Year of publication
- 2012 (3) (remove)
- Hepatitis B and C Co-Infection Are Independent Predictors of Progressive Kidney Disease in HIV-Positive, Antiretroviral-Treated Adults (2012)
- Chronic kidney disease (CKD) is an important cause of morbidity and mortality in HIV-positive individuals. Hepatitis C (HCV) co-infection has been associated with increased risk of CKD, but prior studies lack information on potential mechanisms. We evaluated the association between HCV or hepatitis B (HBV) co-infection and progressive CKD among 3,441 antiretroviral-treated clinical trial participants. Progressive CKD was defined as the composite of end-stage renal disease, renal death, or significant glomerular filtration rate (eGFR) decline (25% decline to eGFR <60 mL/min/1.73 m2 or 25% decline with a baseline <60). Generalized Estimating Equations were used to model the odds of progressive CKD. At baseline, 13.8% and 3.3% of participants were co-infected with HCV and HBV, respectively. Median eGFR was 111, and 3.7% developed progressive CKD. After adjustment, the odds of progressive CKD were increased in participants with HCV (OR 1.72, 95% CI 1.07–2.76) or HBV (OR 2.26, 95% CI 1.15–4.44). Participants with undetectable or low HCV-RNA had similar odds of progressive CKD as HCV seronegative participants, while participants with HCV-RNA >800,000 IU/ml had increased odds (OR 3.07; 95% CI 1.60–5.90). Interleukin-6, hyaluronic acid, and the FIB-4 hepatic fibrosis index were higher among participants who developed progressive CKD, but were no longer associated with progressive CKD after adjustment. Future studies should validate the relationship between HCV viremia and CKD.
- Orthotopic liver transplantation in human-immunodeficiency-virus-positive patients in Germany (2012)
- Objectives. This summary evaluates the outcomes of orthotopic liver transplantation (OLT) of HIV-positive patients in Germany. Methods. Retrospective chart analysis of HIV-positive patients, who had been liver-transplanted in Germany between July 1997 and July 2011. Results. 38 transplantations were performed in 32 patients at 9 German transplant centres. The reasons for OLT were end-stage liver disease (ESLD) and/or liver failure due to hepatitis C (HCV) (n = 19), hepatitis B (HBV) (n = 10), multiple viral infections of the liver (n = 2) and Budd-Chiari-Syndrome. In July 2011 19/32 (60%) of the transplanted patients were still alive with a median survival of 61 months (IQR (interquartile range): 41-86 months). 6 patients had died in the early post-transplantation period from septicaemia (n = 4), primary graft dysfunction (n = 1), and intrathoracal hemorrhage (n = 1). Later on 7 patients had died from septicaemia (n = 2), delayed graft failure (n = 2), recurrent HCC (n = 2), and renal failure (n = 1). Recurrent HBV infection was efficiently prevented in 11/12 patients; HCV reinfection occurred in all patients and contributed considerably to the overall mortality. Conclusions. Overall OLT is a feasible approach in HIV-infected patients with acceptable survival rates in Germany. Reinfection with HCV still remains a major clinical challenge in HIV/HCV coinfection after OLT.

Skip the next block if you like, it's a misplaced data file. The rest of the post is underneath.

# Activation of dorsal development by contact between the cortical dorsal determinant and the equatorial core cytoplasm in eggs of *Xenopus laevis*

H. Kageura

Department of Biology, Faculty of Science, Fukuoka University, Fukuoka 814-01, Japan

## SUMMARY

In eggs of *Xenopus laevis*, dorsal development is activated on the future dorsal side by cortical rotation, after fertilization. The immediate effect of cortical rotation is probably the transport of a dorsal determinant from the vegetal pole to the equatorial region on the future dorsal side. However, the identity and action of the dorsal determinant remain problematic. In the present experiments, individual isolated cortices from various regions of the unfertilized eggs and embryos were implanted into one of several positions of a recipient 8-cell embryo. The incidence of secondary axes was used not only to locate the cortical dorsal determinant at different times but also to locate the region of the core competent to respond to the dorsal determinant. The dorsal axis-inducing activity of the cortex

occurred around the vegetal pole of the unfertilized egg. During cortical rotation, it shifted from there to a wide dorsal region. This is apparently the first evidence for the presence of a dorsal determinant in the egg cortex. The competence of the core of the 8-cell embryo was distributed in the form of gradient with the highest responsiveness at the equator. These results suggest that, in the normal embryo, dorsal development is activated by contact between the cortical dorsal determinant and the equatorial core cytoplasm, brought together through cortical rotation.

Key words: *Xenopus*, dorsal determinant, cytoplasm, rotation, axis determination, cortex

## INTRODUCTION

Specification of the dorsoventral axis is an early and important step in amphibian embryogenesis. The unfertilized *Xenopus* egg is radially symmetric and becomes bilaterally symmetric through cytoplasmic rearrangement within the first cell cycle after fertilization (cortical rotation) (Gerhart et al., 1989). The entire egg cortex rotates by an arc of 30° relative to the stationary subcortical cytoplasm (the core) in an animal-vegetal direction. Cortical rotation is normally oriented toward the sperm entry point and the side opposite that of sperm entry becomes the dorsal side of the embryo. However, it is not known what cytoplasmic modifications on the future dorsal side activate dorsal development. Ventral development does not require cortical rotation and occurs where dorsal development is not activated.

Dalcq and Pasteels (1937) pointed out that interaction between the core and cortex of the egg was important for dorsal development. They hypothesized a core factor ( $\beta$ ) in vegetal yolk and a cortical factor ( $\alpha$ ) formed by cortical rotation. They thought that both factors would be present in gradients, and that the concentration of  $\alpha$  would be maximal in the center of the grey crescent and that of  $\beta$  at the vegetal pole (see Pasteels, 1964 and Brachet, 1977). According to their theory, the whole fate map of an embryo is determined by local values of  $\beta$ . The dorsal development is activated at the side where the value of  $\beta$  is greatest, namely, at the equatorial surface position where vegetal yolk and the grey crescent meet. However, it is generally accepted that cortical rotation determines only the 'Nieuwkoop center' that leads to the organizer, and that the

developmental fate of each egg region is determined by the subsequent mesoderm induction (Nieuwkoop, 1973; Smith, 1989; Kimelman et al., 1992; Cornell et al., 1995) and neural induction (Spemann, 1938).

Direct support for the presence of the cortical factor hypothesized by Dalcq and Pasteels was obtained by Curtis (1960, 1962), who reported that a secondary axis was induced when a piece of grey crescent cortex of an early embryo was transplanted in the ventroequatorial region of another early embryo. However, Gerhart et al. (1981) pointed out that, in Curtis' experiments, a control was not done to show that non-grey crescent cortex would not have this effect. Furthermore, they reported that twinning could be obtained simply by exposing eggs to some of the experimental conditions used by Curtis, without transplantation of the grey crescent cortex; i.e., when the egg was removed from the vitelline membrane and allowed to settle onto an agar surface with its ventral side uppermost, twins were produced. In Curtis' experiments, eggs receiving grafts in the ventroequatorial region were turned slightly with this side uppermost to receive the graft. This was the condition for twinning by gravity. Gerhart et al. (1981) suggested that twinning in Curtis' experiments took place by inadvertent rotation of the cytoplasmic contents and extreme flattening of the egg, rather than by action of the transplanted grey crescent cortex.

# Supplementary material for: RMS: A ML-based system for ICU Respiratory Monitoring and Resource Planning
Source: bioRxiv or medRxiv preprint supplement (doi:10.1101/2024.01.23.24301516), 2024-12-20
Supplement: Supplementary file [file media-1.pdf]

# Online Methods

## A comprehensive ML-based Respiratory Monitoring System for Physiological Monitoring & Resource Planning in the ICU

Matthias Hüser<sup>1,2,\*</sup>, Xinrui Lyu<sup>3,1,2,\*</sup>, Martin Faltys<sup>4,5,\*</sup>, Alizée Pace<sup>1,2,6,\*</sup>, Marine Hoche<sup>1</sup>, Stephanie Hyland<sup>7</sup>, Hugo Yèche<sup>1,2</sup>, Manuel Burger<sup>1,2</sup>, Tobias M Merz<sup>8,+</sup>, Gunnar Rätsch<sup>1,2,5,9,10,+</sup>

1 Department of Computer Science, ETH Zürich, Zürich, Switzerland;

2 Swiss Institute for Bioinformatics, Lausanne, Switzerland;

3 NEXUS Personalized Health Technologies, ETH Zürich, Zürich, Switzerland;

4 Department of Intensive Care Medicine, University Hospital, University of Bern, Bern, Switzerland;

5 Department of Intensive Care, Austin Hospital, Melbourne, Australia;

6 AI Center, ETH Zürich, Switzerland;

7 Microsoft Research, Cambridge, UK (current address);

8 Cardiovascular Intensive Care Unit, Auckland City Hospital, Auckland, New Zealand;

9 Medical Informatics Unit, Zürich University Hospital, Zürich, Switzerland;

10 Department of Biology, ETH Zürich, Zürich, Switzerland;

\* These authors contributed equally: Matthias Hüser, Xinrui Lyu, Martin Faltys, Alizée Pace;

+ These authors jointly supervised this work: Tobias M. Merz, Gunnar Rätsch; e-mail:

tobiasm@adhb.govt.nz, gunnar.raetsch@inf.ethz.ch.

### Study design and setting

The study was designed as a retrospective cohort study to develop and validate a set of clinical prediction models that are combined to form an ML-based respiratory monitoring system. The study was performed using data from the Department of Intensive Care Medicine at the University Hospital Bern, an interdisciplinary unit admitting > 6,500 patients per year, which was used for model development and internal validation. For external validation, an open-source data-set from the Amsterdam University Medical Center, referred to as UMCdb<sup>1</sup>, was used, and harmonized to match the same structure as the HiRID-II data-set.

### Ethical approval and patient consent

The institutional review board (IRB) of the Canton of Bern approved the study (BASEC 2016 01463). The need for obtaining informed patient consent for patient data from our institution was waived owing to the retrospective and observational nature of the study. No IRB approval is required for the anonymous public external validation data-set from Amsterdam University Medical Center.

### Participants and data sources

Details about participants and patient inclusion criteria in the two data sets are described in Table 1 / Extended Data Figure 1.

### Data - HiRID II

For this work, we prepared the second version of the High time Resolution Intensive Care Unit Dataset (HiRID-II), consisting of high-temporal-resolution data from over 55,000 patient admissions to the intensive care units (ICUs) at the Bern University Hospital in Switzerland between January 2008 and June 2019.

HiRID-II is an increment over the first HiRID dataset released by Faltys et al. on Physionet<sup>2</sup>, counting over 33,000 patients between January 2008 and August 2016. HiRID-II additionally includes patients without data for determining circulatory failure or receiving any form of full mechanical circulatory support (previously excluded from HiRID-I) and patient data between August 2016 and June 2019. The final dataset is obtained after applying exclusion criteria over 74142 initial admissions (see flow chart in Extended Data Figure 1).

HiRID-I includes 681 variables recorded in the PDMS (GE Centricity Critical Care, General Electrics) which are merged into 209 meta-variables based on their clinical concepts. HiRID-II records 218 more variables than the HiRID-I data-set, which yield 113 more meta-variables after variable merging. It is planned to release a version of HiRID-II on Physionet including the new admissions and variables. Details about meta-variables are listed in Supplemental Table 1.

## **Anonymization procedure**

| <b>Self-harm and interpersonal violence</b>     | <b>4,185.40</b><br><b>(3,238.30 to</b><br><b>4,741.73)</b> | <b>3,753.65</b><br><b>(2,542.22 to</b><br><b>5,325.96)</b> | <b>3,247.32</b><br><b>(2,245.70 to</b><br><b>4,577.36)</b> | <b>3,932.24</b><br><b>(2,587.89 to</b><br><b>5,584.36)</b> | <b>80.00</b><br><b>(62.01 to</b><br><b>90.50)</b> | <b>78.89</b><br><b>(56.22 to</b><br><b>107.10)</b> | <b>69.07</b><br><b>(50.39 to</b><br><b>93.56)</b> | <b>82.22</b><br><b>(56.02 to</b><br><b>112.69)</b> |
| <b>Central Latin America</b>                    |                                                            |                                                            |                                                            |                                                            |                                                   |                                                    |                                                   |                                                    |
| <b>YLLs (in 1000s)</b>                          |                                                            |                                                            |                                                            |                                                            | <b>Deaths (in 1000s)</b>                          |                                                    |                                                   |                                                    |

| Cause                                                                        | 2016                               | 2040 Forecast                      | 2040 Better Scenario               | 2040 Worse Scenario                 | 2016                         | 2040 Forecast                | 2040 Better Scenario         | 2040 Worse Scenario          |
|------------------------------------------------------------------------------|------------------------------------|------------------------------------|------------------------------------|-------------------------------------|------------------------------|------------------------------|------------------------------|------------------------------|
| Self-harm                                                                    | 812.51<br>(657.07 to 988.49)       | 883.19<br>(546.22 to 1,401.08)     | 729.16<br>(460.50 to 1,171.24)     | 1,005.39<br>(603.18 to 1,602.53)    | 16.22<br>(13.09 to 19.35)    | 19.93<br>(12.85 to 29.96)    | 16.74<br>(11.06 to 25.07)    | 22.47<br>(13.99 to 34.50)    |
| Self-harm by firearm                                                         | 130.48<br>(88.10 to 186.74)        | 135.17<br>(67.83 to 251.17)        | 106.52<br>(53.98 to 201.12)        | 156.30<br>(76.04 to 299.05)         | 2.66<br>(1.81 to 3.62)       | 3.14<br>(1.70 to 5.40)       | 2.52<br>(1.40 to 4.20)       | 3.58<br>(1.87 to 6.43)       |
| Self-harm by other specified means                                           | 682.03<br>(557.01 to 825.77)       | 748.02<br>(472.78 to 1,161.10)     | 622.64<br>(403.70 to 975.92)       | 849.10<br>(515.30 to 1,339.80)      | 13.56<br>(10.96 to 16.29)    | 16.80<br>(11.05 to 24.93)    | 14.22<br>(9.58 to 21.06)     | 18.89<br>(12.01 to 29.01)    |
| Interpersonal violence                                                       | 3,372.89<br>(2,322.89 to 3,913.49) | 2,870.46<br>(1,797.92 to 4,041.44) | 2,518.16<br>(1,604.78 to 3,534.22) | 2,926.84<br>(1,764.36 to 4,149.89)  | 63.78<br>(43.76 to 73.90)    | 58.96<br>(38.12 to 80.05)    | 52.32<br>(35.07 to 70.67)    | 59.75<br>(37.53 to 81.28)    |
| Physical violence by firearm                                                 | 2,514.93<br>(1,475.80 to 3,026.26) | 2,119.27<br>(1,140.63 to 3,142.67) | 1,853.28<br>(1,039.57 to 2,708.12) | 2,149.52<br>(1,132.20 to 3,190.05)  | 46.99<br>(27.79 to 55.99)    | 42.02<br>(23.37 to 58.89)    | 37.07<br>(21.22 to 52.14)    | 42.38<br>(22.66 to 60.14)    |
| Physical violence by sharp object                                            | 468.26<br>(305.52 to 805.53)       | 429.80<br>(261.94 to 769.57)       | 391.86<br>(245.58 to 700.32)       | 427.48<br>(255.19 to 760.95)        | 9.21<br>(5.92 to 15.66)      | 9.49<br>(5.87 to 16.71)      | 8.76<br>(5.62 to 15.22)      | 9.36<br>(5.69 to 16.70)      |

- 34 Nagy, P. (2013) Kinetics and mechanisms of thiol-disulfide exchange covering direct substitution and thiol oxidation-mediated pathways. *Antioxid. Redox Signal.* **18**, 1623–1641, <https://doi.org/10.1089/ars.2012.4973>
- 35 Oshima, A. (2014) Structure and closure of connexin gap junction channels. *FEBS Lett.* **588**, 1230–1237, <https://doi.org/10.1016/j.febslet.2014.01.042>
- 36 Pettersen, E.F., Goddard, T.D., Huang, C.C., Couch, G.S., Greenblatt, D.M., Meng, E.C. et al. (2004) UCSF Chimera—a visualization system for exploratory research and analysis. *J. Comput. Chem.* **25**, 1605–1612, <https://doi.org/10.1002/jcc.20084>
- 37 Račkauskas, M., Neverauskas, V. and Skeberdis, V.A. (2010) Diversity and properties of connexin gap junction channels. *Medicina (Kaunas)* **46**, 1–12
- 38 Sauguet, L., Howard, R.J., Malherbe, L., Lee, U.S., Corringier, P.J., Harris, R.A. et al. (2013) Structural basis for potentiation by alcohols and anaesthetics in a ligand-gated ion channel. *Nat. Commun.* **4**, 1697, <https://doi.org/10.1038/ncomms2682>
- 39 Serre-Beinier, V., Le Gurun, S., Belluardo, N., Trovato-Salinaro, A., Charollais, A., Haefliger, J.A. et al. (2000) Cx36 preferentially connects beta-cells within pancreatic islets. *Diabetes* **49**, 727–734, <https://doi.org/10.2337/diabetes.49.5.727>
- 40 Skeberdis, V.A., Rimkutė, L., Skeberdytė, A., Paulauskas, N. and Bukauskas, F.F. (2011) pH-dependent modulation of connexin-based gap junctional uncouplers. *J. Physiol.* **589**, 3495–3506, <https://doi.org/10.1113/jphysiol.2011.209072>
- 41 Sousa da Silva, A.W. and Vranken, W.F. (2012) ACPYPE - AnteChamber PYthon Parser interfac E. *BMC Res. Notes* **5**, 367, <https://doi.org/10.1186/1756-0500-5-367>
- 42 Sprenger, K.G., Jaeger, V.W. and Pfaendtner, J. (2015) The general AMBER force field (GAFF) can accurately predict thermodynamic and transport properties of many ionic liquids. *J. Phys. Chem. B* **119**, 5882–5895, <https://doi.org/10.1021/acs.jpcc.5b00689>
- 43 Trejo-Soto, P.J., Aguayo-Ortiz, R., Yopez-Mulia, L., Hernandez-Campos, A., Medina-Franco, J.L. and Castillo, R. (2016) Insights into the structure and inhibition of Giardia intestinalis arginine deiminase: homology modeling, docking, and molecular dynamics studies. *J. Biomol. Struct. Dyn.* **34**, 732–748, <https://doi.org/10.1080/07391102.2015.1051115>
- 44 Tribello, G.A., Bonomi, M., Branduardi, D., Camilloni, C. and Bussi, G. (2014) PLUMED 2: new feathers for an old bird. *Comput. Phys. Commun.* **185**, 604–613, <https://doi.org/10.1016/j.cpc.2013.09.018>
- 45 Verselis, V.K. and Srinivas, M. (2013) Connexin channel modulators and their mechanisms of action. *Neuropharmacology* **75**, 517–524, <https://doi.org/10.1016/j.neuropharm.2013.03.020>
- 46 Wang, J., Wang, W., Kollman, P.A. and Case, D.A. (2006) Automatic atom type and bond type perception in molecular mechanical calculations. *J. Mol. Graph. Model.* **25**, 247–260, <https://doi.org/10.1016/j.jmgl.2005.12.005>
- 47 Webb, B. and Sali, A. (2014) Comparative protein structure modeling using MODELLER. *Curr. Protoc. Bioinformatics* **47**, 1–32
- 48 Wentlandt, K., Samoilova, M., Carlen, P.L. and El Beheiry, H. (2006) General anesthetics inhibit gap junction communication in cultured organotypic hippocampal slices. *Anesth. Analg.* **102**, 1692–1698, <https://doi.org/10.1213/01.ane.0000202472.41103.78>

- Renal AA-amyloidosis in intravenous drug users - a role for HIV-infection? (2012)
- Background: Chronic renal disease is a serious complication of long-term intravenous drug use (IVDU). Recent reports have postulated a changing pattern of underlying nephropathy over the last decades. Methods: Retrospective investigation including all patients with prior or present IVDU that underwent renal biopsy because of chronic kidney disease between 01.04.2002 and 31.03.2012 in the city of Frankfurt/Main, Germany. Results: Twenty four patients with IVDU underwent renal biopsy because of progressive chronic kidney disease or proteinuria. Renal AA-amyloidosis was the predominant cause of renal failure in 50% of patients. Membranoproliferative glomerulonephritis (GN) was the second most common cause found in 21%. Patients with AA-amyloidosis were more likely to be HIV infected (67 vs.17%; p=0.036) and tended to have a higher rate of repeated systemic infections (92 vs. 50%; p=0.069). Patients with AA-amyloidosis presented with progressive renal disease and nephrotic-range proteinuria but most patients had no peripheral edema or systemic hypertension. Development of proteinuria preceded the decline of GFR for approximately 1--2 years. Conclusions: AA-amyloidosis was the predominant cause of progressive renal disease in the last 10 years in patients with IVDU. The highest rate of AA-amyloidosis observed was seen in HIV infected patients with IVDU. We speculate that chronic HIV-infection as well as the associated immunosuppression might promote development of AA-amyloidosis by increasing frequency and duration of infections acquired by IVDU.